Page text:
Mackey presented an overall budget request of $5.2 billion for 2022, almost 10{c25493dcd731343503a084f08c3848bd69f9f2f05db01633325a3fd40d9cc7a1} more than this year. Included in that is $4.4 billion for local school systems, an increase of 6.7{c25493dcd731343503a084f08c3848bd69f9f2f05db01633325a3fd40d9cc7a1} over this year. The rest would go to the State Department of Education and other programs.

Other funding issues Mackey discussed today were related to the pandemic.

Total public school enrollment in Alabama fell by 9,760 students in fall 2020 as compared to the previous year, about a 1.3{c25493dcd731343503a084f08c3848bd69f9f2f05db01633325a3fd40d9cc7a1} drop, to about 718,000. State funding to local school systems is based on enrollment.

As part of its budget request, the State Department of Education proposed offsetting any funding cuts to local districts caused by reduced enrollment with a one-time subsidy to close the gap and prevent having to reduce the number of teachers and staff for what is not expected to be a permanent loss of students.

“We believe that the vast majority of those 9,700 students will be back in the fall,” Mackey said. “Some of them have already come back. What we don’t want is to have at the end of this year school districts saying that because of state funding, ‘I’m going to have to lay off teachers,’ and then they come back and have overcrowded classrooms in the fall and have to hire teachers again. We’re trying to introduce consistency to the program. So, what this does is it takes that gap and just fills the hole.”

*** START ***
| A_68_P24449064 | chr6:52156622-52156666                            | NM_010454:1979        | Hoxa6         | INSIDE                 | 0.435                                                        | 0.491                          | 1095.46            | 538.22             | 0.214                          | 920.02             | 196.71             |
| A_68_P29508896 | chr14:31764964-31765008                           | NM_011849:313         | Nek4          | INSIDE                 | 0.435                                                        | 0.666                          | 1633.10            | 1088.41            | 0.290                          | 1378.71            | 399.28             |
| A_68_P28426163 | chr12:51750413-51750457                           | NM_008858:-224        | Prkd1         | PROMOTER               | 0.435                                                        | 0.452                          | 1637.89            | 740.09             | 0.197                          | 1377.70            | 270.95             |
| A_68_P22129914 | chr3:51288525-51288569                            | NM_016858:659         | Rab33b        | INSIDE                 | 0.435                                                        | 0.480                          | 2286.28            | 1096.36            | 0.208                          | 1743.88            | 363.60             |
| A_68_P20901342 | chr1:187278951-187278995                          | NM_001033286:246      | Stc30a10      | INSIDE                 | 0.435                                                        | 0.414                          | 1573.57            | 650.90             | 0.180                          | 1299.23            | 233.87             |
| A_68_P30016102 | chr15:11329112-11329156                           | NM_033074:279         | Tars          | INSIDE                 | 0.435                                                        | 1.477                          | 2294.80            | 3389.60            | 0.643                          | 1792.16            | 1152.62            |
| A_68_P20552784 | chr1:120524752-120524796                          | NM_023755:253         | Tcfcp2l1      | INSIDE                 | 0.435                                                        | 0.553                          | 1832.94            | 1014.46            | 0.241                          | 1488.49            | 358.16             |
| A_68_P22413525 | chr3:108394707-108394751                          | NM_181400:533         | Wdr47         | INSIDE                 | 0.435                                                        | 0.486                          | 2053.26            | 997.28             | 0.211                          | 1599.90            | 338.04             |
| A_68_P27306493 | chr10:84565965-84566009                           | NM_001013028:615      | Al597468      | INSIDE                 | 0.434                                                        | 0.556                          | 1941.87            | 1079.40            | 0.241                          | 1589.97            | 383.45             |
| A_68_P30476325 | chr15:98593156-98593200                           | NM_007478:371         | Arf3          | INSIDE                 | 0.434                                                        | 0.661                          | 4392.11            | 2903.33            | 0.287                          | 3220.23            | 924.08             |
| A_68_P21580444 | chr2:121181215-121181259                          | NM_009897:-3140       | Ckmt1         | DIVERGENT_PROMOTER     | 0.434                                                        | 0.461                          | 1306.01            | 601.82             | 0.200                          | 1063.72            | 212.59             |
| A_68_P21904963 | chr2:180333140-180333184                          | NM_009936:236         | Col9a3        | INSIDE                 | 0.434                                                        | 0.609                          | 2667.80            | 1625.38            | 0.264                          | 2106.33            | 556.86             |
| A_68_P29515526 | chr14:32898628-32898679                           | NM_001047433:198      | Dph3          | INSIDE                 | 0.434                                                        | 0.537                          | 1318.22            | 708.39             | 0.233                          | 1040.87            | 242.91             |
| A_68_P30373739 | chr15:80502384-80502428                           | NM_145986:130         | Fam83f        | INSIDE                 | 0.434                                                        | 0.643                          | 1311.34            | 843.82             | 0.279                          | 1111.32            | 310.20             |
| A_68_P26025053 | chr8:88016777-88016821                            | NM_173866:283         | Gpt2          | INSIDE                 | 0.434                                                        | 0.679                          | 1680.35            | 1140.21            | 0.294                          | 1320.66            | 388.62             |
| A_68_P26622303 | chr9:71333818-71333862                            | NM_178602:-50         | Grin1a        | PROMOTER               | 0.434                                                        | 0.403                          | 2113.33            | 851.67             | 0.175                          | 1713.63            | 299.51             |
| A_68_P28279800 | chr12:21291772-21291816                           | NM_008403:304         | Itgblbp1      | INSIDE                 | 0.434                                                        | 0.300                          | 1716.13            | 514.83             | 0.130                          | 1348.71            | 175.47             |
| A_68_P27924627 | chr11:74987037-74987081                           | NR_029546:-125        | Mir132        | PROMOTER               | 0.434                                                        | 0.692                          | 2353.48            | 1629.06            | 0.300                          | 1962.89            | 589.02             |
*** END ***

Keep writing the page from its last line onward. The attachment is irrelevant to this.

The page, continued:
Mackey said most school districts lost enrollment this year. The reductions hit every grade statewide except seventh, eighth, 10th, and 11th, according to a chart from the Department of Education. The biggest drop was in kindergarten, which had about 53,000 students, 3,000 fewer that last year. Kindergarten is not mandatory in Alabama.

Overall, the proposed budget would apply $95 million to the “COVID-19 hold harmless/staff stabilization allocation.”

The budget request for school nurses next year is $60 million, almost double this year’s $34 million allocation. Mackey said the pandemic reinforced the value of having nurses on campuses. Statewide, there are 804 registered nurses and 600 licensed practical nurses in schools. Mackey said some large schools have four, five, or six nurses but some schools have to share nurses or have a single LPN.

Barbara Cooper, secretary of the Alabama Department of Early Childhood Education, presented a budget request of $160 million, $28 million more than this year. Most of that increase, $24 million, would go to the state’s prekindergarten program, First Class, which would receive a total of $151 million.

The National Institute for Early Education Research has recognized First Class for meeting every quality benchmark for prekindergarten programs for 14 straight years. The program is available to 37{c25493dcd731343503a084f08c3848bd69f9f2f05db01633325a3fd40d9cc7a1} of Alabama 4-year-olds. The requested funding increase would raise that to 44{c25493dcd731343503a084f08c3848bd69f9f2f05db01633325a3fd40d9cc7a1} and provide access to 3,000 children on a waiting list.

Cooper said the goal is to increase access to 70{c25493dcd731343503a084f08c3848bd69f9f2f05db01633325a3fd40d9cc7a1} by 2026.